Apoptosis is a type of programmed cell death that occurs in multicellular organisms. It is a highly regulated process that allows cells to self-destruct in a controlled and orderly manner, without causing damage to surrounding tissues.
As it enables the removal of surplus or damaged cells, apoptosis is essential for the growth and upkeep of healthy tissues. This process is characterized by a series of biochemical and molecular events that result in the dismantling of the cell, including the condensation of chromatin, the fragmentation of DNA, the cleavage of cytoskeletal and nuclear proteins, and the formation of apoptotic bodies.
Numerous biological processes, including tissue homeostasis, the immune response, and embryonic development, involve apoptosis. It also serves as a defense mechanism against cancer, as it eliminates cells with DNA damage or mutations that could potentially lead to tumor formation.
Apoptosis dysregulation has been linked to a number of human illnesses, including cancer, immunological disorders, neurodegenerative diseases, and developmental abnormalities. Understanding the mechanisms of apoptosis and how it is regulated may lead to the development of new treatments for these diseases.
Historical Background of Apoptosis
The concept of programmed cell death was first proposed in the early 20th century by the German biologist Carl Vogt, who suggested that the death of cells in the developing embryo was a normal and necessary process. However, the term "apoptosis" was not coined until 1972. It was introduced by the Australian pathologist John Kerr, who observed a distinct type of cell death characterized by cell shrinkage and fragmentation in tissue samples.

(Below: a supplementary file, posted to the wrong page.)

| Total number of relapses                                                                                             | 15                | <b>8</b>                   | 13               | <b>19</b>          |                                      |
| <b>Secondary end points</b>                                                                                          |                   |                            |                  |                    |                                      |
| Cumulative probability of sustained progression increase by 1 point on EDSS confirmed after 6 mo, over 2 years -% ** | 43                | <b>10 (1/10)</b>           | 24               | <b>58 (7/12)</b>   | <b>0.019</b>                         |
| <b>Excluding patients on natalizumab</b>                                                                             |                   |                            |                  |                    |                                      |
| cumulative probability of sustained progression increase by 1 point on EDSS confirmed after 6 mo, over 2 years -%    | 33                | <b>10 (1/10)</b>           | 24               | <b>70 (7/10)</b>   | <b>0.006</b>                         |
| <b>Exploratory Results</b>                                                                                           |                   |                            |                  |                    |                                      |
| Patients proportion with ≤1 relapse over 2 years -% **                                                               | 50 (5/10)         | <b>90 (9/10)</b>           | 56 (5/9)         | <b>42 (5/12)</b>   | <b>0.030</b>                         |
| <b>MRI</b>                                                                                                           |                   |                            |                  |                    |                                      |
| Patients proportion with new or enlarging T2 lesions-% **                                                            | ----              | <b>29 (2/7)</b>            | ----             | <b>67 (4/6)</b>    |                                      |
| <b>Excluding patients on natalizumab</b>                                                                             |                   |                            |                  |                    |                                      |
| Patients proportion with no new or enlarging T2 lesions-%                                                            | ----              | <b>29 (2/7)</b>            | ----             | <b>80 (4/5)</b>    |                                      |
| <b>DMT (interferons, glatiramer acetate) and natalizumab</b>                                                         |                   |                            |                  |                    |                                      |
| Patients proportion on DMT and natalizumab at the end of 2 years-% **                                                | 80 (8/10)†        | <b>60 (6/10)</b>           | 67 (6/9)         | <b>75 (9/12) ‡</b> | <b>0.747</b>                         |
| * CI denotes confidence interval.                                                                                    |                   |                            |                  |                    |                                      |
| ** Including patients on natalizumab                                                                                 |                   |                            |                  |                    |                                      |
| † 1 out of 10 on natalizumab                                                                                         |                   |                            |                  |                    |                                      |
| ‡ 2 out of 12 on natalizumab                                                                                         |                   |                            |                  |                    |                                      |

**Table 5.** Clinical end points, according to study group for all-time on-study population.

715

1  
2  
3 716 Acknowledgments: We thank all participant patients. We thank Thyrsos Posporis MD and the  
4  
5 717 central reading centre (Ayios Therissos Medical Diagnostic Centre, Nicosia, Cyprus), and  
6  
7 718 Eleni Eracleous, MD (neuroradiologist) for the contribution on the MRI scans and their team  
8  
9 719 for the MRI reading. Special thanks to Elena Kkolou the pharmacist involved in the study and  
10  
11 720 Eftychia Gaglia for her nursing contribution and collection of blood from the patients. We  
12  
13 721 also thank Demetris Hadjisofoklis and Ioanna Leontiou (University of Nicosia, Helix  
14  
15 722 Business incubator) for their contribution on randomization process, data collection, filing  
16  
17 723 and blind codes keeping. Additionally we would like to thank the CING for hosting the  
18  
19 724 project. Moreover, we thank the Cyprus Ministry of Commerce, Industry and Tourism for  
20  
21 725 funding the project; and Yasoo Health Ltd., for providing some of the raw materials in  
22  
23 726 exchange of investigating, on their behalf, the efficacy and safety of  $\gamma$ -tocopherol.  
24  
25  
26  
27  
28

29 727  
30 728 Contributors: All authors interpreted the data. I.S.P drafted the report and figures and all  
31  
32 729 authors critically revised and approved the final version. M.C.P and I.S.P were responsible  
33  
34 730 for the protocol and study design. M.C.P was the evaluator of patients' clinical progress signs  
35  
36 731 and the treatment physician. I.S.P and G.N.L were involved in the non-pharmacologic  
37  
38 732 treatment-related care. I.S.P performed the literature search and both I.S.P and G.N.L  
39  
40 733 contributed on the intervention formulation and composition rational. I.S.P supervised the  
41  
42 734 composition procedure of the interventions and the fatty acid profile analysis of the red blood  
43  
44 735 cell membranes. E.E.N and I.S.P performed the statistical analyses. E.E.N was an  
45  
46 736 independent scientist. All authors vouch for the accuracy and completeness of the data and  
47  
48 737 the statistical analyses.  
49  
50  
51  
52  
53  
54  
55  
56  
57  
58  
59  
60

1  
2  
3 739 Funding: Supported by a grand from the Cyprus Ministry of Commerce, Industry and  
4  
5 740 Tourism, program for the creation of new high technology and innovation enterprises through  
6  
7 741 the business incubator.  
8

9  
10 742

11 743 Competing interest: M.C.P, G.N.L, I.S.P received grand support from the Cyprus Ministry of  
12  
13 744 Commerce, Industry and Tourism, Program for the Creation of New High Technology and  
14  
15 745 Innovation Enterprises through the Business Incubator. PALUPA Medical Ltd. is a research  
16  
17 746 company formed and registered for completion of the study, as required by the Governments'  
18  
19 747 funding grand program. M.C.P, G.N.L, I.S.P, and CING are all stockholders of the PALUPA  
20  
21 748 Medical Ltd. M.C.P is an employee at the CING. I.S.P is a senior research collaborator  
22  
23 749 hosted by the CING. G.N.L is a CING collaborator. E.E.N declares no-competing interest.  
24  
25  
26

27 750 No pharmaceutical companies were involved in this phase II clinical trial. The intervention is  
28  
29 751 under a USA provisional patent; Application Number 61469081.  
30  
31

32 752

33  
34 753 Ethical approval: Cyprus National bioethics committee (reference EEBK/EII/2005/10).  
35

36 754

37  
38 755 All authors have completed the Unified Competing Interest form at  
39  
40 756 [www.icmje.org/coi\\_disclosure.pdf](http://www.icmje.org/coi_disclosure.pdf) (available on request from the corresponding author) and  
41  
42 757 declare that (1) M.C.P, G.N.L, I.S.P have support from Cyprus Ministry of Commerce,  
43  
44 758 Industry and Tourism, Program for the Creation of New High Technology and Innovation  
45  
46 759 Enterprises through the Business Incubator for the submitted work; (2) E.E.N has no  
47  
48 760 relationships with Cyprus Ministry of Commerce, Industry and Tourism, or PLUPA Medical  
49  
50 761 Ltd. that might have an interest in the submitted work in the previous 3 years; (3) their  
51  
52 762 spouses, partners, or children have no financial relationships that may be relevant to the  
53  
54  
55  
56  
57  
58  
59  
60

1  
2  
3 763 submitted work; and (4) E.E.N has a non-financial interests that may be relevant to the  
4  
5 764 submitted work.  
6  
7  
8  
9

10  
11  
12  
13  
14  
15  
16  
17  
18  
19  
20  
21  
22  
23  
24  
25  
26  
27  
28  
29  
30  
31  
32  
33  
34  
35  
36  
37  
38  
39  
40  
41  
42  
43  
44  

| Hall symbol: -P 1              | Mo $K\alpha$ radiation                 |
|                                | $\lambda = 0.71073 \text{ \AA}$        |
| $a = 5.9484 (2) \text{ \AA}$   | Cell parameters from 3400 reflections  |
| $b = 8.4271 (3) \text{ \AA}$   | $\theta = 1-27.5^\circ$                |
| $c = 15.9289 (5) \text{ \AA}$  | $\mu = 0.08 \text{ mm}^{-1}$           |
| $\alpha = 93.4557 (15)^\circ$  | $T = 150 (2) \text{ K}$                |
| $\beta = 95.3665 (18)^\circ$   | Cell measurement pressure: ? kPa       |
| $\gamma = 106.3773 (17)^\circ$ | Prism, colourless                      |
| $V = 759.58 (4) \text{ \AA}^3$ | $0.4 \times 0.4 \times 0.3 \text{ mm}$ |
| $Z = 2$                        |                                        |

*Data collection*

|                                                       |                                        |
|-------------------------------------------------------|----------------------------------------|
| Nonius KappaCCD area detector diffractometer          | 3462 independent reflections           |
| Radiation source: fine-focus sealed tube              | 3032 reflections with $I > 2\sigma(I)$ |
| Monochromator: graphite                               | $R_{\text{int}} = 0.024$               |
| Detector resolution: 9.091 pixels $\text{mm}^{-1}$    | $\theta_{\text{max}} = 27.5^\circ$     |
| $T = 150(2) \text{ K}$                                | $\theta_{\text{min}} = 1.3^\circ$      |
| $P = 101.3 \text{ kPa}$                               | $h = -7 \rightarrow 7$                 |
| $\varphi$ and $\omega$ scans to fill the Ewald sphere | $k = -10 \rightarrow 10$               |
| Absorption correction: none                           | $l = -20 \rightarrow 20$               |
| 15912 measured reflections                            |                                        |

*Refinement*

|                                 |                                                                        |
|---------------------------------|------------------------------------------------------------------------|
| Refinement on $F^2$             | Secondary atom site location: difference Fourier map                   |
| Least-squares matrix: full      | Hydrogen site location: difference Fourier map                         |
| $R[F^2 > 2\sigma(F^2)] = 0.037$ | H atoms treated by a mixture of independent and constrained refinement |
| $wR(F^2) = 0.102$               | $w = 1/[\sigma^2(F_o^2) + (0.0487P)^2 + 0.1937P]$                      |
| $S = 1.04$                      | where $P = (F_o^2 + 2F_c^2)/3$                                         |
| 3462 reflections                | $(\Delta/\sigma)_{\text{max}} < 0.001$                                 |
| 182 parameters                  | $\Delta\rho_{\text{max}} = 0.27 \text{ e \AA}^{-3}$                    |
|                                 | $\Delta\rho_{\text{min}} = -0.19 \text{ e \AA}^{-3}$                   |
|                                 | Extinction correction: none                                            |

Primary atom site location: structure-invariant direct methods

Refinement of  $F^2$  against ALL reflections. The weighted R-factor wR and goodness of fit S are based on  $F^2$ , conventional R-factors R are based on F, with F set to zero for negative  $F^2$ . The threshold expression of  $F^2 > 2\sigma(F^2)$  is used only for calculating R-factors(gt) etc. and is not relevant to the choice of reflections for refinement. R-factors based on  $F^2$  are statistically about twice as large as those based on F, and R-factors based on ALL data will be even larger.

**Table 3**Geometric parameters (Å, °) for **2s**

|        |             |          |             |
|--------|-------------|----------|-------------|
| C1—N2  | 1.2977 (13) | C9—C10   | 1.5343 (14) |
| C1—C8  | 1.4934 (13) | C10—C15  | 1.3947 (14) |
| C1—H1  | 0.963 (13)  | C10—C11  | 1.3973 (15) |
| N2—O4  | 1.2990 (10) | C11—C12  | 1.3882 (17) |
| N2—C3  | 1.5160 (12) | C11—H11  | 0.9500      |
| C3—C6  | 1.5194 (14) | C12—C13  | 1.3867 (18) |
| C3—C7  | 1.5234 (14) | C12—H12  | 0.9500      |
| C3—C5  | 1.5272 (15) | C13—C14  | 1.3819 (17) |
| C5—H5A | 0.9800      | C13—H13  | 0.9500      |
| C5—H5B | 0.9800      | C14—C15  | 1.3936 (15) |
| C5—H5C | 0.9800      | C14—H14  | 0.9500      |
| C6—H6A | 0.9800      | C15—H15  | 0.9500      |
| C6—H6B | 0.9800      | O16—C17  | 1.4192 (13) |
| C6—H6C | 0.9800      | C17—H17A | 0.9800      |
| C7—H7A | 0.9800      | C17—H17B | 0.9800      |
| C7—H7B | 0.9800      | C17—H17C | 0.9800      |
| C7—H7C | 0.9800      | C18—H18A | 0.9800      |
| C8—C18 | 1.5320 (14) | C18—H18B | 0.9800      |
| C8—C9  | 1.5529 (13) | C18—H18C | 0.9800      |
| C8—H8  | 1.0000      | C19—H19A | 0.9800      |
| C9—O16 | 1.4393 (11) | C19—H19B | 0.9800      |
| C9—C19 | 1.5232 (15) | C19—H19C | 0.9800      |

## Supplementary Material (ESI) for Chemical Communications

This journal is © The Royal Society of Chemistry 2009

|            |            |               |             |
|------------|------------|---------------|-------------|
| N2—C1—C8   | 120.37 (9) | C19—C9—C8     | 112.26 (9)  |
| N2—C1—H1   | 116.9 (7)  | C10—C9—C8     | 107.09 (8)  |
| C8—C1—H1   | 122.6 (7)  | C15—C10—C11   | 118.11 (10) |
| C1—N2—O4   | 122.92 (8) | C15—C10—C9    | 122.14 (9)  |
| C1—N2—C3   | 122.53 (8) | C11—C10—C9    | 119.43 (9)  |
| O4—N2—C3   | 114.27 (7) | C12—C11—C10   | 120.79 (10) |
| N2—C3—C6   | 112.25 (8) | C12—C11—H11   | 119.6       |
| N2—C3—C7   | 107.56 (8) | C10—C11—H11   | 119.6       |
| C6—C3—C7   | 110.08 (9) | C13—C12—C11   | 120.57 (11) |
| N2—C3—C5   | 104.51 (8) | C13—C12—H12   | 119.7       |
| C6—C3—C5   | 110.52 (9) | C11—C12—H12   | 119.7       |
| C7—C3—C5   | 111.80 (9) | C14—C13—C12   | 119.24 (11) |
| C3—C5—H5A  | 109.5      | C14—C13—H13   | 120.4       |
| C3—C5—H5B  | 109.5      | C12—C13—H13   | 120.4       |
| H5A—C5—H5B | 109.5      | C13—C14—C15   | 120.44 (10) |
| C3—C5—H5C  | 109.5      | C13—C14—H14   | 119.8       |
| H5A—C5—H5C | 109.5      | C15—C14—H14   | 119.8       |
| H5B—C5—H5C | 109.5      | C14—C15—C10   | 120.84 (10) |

In the following years, other researchers such as Andrew Wyllie and Alastair Currie further investigated this phenomenon and described the characteristic morphological changes that occur during apoptosis, including chromatin condensation and the formation of apoptotic bodies.
In the 1980s and 1990s, the molecular mechanisms of apoptosis began to be elucidated, with the discovery of key genes such as BCL-2 and CED-9 that regulate the process. The identification of caspases, a family of proteases that are activated during apoptosis, also provided further insight into the molecular events that occur during cell death.
Today, apoptosis is recognized as a fundamental process in biology, with important implications for both normal development and disease pathology. The historical background of apoptosis reflects a long and ongoing process of scientific discovery, and the continuing study of this process promises to yield important insights into the workings of the cell and the mechanisms that regulate cell fate.
Apoptosis and Programmed Cell Death
Apoptosis is a type of programmed cell death, which is a natural and necessary process that occurs during the development and maintenance of healthy tissues. Programmed cell death is an umbrella term that encompasses various types of cell death that are controlled by specific molecular pathways.